Being an author is sort of a strange thing. As a writer, I spend a lot of time by myself, submerged in worlds only I live in. It shouldn’t come as a surprise, then, when I call myself an introvert. I’m not good with large groups of strangers and, more often than not, I feel like a failure as a human when I’m unable to do what “normal” people seem to do in those situations.
So what happens when it comes time for events when success is riding on coming across as human? Basically, you fake it.
Because I’ve started going to more in-person events, I’ve had to push myself beyond my little bubble of comfort. I didn’t want people thinking I was standoffish or stuck-up if I was in a place trying to sell books and meet new people. If you want to do well at such events and not leave kicking yourself for missed opportunities, you have to find workarounds for the areas you’re weak. Earlier this year, I knew UtopYA and Balticon were on the horizon, and I knew I needed help, so I did some reading. I listened to what people like me had to say in the way of advice.
I’m in no way an expert with this stuff, but I think I’ve done pretty well in terms of self-improvement here. That said, I’d like to pass on some tips to anyone else who might be struggling.
Tip #1: You have to push yourself.
It’s not easy, I know. I’ve always said, though, if you want a thing bad enough, you find a way to make it happen. Try focusing on your goals if you find your courage faltering. If you don’t have goals, make some. Maybe you just want to connect with one new reader. Maybe you have a question or two for an author you’ve admired online and are meeting for the first time. I don’t advise jumping in with unrealistic goals like “I’m going to talk 50 people into buying my book!” right out the gate, but you can be your own judge of what’s doable for you.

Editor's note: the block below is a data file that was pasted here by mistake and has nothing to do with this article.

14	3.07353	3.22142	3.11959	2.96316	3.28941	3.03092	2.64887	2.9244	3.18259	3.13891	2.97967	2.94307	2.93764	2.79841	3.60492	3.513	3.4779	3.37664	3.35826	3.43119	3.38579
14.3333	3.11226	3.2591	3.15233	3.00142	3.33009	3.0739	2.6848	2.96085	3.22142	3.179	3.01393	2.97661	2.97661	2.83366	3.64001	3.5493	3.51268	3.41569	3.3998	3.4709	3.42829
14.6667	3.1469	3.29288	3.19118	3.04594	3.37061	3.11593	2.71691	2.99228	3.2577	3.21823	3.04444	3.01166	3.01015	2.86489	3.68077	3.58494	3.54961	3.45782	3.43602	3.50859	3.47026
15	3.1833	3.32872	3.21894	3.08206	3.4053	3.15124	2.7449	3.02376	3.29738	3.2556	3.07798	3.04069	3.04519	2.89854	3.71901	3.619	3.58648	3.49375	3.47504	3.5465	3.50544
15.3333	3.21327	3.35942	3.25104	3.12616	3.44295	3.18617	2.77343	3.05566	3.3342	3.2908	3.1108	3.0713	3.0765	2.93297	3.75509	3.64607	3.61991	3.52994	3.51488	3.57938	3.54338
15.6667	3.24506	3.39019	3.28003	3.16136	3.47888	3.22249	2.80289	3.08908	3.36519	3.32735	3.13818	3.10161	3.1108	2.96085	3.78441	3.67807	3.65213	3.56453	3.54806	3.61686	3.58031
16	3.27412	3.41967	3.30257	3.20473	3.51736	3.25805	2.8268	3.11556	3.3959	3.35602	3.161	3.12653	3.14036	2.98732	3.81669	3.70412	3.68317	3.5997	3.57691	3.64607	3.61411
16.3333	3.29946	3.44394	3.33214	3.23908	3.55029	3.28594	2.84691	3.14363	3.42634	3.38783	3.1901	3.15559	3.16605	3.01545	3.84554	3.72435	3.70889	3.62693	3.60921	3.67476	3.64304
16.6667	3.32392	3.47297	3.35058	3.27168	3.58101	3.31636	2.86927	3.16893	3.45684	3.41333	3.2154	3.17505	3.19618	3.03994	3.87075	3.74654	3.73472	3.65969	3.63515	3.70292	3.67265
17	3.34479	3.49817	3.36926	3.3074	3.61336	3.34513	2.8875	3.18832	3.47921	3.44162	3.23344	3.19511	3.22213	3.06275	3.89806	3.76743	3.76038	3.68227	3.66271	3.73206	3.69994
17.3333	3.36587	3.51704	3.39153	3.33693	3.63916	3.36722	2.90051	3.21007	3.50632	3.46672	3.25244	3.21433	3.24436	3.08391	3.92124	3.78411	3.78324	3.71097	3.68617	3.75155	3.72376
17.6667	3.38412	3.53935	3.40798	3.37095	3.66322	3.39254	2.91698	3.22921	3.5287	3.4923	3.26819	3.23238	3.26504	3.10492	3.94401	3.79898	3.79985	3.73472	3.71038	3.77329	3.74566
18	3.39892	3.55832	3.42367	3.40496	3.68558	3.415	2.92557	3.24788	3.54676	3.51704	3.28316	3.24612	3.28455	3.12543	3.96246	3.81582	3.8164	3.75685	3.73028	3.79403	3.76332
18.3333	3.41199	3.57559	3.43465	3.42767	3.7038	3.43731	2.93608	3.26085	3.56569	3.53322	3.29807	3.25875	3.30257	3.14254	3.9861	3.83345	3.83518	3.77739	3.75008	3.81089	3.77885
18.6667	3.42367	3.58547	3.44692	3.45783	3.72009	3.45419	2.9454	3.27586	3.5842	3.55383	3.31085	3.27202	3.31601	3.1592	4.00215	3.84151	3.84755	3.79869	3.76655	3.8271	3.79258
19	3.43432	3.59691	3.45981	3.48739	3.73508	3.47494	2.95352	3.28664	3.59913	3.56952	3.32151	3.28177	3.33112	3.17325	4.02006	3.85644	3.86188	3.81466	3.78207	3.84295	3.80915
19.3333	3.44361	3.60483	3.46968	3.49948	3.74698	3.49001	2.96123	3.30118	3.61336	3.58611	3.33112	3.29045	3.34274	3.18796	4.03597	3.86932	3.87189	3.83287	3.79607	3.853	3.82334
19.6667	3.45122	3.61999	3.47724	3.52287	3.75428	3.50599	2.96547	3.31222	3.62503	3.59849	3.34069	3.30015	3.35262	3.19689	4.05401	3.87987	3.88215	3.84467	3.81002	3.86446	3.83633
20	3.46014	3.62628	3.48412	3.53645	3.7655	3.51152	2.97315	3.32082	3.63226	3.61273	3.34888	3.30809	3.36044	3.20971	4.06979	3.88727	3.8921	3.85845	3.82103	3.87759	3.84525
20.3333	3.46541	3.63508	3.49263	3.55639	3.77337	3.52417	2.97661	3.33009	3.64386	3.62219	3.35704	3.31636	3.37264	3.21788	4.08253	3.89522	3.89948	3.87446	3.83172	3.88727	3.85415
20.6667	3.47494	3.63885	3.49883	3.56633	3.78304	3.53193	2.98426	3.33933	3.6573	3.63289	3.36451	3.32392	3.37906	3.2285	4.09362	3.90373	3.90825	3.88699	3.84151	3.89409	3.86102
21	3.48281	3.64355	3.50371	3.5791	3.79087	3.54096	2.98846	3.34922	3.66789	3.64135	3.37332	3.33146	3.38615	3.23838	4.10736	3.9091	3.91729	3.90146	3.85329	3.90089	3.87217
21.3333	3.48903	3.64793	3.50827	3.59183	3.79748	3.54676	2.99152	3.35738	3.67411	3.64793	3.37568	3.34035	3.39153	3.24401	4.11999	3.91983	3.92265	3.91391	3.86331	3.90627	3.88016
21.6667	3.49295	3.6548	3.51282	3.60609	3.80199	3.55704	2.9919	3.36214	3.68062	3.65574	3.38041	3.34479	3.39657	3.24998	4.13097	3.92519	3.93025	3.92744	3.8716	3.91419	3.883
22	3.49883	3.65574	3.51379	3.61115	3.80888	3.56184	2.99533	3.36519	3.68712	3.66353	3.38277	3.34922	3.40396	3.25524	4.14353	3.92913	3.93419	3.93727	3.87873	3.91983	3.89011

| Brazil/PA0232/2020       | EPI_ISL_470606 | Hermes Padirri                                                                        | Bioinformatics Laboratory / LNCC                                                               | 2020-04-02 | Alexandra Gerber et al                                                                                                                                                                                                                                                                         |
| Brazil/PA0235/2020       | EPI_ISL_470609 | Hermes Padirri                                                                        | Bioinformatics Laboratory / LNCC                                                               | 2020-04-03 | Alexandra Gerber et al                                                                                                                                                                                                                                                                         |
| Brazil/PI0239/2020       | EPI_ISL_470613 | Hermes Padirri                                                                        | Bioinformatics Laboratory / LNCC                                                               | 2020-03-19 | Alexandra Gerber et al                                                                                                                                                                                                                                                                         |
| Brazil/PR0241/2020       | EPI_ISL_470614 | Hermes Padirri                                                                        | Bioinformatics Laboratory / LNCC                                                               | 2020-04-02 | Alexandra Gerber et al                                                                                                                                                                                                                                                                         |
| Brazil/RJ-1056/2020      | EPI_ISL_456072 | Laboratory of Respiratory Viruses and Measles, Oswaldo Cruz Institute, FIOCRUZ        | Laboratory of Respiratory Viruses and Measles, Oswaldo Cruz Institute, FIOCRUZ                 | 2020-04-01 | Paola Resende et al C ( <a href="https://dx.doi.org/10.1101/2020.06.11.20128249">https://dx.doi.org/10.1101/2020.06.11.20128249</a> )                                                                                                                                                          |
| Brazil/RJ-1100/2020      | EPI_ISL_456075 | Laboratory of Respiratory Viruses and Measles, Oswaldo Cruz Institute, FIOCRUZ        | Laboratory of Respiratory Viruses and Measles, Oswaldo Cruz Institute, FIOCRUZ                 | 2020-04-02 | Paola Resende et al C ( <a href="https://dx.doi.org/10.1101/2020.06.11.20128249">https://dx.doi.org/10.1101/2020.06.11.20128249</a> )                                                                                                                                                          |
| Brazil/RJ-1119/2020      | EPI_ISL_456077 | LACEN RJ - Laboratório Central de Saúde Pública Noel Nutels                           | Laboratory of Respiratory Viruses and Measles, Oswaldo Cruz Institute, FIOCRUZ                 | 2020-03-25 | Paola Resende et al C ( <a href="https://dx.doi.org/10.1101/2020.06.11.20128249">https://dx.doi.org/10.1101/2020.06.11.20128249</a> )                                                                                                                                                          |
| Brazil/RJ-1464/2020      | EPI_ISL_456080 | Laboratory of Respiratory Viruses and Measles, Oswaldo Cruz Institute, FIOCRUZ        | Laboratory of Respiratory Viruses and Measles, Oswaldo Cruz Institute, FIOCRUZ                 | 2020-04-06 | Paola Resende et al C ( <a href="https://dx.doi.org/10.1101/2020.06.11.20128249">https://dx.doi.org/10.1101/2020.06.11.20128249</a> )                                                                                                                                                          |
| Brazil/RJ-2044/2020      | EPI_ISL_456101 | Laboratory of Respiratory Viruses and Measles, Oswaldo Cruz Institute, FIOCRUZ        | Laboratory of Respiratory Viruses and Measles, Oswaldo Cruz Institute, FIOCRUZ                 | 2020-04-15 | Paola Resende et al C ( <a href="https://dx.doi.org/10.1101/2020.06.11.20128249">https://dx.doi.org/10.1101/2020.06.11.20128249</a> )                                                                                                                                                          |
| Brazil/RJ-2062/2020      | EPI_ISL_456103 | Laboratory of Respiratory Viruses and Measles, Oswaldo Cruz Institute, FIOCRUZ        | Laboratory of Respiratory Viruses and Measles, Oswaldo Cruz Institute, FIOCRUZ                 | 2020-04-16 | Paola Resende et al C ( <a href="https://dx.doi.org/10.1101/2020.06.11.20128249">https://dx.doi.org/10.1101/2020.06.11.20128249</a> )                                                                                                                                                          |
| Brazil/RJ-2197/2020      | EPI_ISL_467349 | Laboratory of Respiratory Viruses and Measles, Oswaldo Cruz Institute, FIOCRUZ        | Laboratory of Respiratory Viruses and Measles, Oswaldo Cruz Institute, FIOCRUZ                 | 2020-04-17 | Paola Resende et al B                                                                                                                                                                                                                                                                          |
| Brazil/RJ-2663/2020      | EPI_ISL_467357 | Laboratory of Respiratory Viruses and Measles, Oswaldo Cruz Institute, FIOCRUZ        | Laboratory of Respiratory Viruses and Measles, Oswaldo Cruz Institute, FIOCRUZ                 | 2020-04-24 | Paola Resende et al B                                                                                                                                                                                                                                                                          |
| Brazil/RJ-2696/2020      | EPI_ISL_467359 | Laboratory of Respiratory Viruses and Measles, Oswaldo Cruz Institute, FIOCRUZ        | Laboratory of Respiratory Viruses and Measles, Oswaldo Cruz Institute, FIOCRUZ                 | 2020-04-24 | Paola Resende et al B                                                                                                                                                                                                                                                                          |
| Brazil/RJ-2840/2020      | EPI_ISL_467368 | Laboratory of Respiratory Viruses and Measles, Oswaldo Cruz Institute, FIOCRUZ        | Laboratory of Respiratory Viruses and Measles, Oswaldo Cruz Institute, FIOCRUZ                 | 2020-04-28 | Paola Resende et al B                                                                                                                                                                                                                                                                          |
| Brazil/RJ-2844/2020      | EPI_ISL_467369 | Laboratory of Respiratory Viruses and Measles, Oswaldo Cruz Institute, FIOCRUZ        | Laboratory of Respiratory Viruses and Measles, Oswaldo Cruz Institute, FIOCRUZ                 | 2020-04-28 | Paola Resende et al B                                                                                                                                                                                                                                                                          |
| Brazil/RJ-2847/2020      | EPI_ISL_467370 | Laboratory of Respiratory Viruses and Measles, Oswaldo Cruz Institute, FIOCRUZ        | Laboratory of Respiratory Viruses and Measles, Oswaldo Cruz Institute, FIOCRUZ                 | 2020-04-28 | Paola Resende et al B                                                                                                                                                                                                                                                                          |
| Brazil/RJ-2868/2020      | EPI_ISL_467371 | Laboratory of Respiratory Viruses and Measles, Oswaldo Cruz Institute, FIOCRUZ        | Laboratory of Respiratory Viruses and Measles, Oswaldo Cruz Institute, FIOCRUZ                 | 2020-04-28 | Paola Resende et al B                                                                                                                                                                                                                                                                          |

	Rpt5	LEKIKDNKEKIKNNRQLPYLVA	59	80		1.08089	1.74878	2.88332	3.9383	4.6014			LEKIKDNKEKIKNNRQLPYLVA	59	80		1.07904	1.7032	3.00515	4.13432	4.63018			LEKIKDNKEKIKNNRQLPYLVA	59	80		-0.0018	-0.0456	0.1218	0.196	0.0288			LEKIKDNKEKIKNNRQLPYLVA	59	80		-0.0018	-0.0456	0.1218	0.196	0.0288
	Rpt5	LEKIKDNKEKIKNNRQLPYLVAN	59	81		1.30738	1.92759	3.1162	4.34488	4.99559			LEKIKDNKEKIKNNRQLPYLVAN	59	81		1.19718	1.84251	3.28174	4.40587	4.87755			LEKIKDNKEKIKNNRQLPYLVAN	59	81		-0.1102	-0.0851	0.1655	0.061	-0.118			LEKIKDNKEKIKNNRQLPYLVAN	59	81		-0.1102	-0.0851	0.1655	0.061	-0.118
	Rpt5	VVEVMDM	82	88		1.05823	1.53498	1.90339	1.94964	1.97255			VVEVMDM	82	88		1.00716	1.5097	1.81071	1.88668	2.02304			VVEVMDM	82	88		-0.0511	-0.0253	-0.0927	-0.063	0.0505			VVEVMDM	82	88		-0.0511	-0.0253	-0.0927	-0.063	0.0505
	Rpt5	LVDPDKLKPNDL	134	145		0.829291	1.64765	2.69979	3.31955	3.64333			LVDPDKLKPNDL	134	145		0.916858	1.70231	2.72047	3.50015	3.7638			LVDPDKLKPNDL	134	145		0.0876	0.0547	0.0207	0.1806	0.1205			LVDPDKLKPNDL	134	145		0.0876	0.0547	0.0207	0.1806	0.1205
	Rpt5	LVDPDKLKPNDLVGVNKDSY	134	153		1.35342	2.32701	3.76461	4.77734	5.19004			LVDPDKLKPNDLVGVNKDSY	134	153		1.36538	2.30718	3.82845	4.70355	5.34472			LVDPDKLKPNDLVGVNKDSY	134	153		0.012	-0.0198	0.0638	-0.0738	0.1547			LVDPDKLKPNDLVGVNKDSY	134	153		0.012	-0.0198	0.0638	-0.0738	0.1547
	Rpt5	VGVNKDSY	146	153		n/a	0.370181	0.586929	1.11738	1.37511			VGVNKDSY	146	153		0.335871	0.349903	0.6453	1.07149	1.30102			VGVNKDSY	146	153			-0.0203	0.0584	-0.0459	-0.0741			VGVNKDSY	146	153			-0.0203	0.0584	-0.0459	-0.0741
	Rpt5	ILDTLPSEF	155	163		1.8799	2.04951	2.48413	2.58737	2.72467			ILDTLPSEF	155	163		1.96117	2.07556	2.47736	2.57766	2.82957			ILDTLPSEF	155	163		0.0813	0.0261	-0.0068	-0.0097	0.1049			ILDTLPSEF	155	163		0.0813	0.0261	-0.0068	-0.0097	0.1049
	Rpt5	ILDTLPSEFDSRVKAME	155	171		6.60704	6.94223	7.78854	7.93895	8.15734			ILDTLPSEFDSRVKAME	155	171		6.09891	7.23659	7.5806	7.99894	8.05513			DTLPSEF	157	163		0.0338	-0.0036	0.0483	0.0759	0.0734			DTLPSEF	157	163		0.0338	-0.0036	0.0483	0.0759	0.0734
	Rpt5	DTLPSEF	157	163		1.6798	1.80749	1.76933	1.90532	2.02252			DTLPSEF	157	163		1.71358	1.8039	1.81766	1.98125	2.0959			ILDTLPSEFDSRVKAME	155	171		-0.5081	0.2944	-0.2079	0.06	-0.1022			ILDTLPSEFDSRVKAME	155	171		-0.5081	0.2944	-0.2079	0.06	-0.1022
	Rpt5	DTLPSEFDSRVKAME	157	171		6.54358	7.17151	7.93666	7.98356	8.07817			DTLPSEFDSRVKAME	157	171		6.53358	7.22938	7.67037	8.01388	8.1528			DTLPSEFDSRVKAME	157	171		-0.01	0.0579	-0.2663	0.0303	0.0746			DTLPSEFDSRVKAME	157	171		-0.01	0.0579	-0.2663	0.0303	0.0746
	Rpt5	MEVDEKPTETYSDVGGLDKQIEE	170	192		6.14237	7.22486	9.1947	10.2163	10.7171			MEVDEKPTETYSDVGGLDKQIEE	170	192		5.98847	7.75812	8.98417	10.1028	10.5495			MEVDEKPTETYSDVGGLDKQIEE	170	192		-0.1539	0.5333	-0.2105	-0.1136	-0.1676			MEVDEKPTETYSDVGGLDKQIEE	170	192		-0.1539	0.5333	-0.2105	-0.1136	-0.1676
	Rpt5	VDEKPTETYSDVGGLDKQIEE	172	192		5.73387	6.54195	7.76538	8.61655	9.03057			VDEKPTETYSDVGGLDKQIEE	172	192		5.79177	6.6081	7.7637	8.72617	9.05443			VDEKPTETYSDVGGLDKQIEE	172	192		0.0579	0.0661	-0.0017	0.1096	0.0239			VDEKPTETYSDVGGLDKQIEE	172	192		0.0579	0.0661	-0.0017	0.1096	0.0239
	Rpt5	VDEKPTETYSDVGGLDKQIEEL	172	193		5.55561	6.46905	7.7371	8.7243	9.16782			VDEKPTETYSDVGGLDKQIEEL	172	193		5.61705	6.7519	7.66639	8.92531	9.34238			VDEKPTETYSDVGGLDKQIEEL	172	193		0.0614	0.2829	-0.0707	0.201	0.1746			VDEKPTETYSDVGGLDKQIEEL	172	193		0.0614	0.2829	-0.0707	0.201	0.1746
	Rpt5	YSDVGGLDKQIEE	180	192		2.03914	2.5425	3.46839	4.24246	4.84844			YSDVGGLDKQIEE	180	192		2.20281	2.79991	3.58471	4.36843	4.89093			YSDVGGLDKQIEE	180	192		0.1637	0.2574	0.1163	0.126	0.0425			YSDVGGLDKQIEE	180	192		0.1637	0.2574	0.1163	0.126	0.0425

For me, my goal at UtopYA was to get 10-20 new people signed up for my mailing list. Knowing my limitations human-wise, I incentivized it. Three of us held a joint giveaway, offering anyone who purchased books from us or signed up for our mailing lists a raffle ticket entry for a Kindle Fire. Bonus: that gave me extra talking points when someone stopped at my table. Which brings me to…
Tip #2: Have some things you can say to EVERYONE.
I mentioned the giveaway, but I was prepared in other ways as well. I cobbled together some quick pitches for my books, short enough that I could talk about all eight titles with me at UtopYA in under 15 seconds. That’s right. Eight books. Fifteen seconds. When people are wandering a room filled with other people with their own awesome books to sell, you can’t waste the opportunity when you grab someone’s attention. There are plenty of places those people could’ve stopped, so I wanted to make their time worth it. Mine went something like this: